The Sérilly Cabinet is a masterpiece from the reign of Louis XVI. It is said to have been created for the Marquise de Sérilly, a favourite maid-of-honour to Queen Marie-Antoinette and wife of an army paymaster-general who was executed during the French Revolution. The room is square in plan with two projecting bays. It was designed as a garden pavilion and probably used by the marquise for entertaining her closest friends, perhaps for serving tea since the fireback shows a 'Chinaman' carrying a tea tray.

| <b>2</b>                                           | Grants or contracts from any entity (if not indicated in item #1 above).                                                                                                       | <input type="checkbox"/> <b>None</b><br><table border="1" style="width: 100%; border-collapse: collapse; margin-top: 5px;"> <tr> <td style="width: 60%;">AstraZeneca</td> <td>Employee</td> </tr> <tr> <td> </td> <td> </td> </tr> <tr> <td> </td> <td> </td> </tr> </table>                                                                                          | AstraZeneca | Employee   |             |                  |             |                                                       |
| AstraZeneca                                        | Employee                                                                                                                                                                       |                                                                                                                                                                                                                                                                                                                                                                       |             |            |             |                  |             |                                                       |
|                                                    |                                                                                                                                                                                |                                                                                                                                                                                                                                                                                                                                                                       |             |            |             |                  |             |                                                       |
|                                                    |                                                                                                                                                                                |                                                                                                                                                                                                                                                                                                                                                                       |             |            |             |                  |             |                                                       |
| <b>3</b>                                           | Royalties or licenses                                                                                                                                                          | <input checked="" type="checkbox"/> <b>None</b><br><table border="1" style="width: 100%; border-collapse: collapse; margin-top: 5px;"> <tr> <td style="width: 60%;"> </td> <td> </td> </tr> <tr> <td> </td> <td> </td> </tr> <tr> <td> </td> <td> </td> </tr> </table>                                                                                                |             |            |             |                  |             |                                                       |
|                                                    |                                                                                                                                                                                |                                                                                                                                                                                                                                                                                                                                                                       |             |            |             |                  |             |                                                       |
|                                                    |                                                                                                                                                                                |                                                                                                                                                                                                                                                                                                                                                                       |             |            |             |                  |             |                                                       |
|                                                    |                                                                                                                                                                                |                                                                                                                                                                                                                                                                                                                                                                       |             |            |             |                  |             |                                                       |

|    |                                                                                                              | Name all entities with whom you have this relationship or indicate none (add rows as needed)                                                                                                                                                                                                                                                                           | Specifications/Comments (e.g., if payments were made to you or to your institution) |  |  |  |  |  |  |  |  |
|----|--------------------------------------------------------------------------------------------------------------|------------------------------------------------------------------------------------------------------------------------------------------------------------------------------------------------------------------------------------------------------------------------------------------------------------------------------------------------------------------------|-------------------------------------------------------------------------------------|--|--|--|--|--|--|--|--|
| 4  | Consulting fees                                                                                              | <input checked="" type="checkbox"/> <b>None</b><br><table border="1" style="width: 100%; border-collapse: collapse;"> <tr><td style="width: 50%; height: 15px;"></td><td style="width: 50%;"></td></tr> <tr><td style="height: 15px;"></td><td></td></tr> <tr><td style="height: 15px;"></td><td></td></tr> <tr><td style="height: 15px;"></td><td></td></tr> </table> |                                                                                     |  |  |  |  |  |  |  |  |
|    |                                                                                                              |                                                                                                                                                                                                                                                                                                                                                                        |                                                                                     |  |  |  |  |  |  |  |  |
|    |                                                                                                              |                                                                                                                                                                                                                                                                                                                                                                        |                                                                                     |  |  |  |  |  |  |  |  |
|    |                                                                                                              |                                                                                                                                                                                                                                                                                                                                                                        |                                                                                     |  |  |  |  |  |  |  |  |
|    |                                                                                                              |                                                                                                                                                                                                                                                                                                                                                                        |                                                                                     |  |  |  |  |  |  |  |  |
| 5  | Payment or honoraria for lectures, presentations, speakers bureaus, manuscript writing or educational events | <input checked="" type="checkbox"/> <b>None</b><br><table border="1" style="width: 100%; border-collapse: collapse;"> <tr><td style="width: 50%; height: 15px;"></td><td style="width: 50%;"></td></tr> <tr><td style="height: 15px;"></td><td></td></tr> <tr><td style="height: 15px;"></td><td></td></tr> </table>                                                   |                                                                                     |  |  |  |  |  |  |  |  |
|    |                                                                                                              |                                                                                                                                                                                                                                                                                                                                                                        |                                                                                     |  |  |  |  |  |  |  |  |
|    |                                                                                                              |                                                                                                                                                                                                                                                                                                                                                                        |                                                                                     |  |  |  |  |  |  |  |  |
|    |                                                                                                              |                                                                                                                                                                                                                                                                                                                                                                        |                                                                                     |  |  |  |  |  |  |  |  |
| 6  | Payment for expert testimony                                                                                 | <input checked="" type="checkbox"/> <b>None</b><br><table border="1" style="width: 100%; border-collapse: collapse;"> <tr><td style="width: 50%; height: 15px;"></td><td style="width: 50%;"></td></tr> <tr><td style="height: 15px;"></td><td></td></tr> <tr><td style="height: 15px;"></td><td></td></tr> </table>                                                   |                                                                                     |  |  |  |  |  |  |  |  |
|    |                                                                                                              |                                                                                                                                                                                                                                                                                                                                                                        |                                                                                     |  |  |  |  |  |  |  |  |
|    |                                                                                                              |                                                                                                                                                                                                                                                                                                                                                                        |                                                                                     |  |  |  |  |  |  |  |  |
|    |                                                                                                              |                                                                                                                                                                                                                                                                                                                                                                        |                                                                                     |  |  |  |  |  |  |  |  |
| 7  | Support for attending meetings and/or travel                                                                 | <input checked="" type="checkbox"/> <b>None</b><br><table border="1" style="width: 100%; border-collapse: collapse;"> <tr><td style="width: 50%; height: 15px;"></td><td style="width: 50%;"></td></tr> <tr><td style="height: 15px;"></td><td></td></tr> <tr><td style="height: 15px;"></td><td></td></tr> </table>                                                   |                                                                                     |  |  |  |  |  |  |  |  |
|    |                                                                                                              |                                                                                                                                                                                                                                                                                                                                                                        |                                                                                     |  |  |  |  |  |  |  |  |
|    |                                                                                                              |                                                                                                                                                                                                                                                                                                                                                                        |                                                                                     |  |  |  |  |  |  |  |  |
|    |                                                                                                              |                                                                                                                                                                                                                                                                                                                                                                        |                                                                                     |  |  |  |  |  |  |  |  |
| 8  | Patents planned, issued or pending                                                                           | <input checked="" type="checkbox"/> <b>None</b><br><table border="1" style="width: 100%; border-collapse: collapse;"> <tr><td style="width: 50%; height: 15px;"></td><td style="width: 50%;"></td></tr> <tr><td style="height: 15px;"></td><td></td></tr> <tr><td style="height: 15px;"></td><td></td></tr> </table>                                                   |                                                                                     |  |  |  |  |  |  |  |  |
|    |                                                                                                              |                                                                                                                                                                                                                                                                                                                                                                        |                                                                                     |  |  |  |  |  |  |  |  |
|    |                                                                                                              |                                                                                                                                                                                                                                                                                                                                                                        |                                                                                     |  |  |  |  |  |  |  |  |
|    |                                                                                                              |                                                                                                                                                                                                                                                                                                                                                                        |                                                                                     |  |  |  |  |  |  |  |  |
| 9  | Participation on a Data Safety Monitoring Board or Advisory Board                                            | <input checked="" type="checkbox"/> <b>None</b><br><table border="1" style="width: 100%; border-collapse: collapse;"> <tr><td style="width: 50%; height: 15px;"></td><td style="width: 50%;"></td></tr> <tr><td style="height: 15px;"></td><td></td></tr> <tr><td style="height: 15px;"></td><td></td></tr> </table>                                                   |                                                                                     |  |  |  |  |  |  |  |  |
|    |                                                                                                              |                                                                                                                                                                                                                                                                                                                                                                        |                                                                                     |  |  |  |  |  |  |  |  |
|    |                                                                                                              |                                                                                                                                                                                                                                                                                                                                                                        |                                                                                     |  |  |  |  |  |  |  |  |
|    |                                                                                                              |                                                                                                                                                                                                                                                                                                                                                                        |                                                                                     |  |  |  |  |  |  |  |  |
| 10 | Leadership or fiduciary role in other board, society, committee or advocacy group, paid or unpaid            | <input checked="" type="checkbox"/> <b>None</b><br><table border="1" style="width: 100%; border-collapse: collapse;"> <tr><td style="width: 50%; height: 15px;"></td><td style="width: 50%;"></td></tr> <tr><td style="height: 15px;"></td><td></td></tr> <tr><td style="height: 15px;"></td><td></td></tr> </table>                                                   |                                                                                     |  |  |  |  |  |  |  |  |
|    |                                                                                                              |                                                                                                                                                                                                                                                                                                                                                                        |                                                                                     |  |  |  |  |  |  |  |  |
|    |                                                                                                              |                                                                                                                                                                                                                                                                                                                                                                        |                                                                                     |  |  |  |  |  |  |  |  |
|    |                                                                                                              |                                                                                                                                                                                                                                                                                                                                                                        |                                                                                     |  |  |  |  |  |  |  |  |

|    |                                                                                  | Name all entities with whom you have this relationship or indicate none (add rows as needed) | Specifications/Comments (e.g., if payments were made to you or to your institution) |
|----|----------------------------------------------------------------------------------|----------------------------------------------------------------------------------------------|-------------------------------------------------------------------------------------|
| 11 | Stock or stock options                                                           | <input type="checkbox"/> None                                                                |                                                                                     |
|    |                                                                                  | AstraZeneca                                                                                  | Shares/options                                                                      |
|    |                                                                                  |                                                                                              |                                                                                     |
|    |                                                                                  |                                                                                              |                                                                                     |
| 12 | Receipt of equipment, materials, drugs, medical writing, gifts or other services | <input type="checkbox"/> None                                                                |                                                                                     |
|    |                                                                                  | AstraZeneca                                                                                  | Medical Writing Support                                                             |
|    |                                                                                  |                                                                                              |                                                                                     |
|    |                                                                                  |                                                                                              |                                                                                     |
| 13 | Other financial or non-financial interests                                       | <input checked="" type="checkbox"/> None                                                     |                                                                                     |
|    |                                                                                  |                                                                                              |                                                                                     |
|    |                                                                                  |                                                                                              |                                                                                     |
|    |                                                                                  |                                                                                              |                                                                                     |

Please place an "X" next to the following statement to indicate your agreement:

The decoration was probably carried out by the brothers Jules-Hugues and Jean-Simeon Rousseau de La Rottière, who were also responsible for Marie Antoinette's boudoir turc at Fontainebleau. Its 'grotesque' designs reflect the revived enthusiasm for classical decoration that resulted from the recent excavations at Herculaneum and Pompeii. All the surfaces in the room are decorated with ornament representing the Elements and the Seasons, partly in relief. This is painted in various colours and embellished with gilding.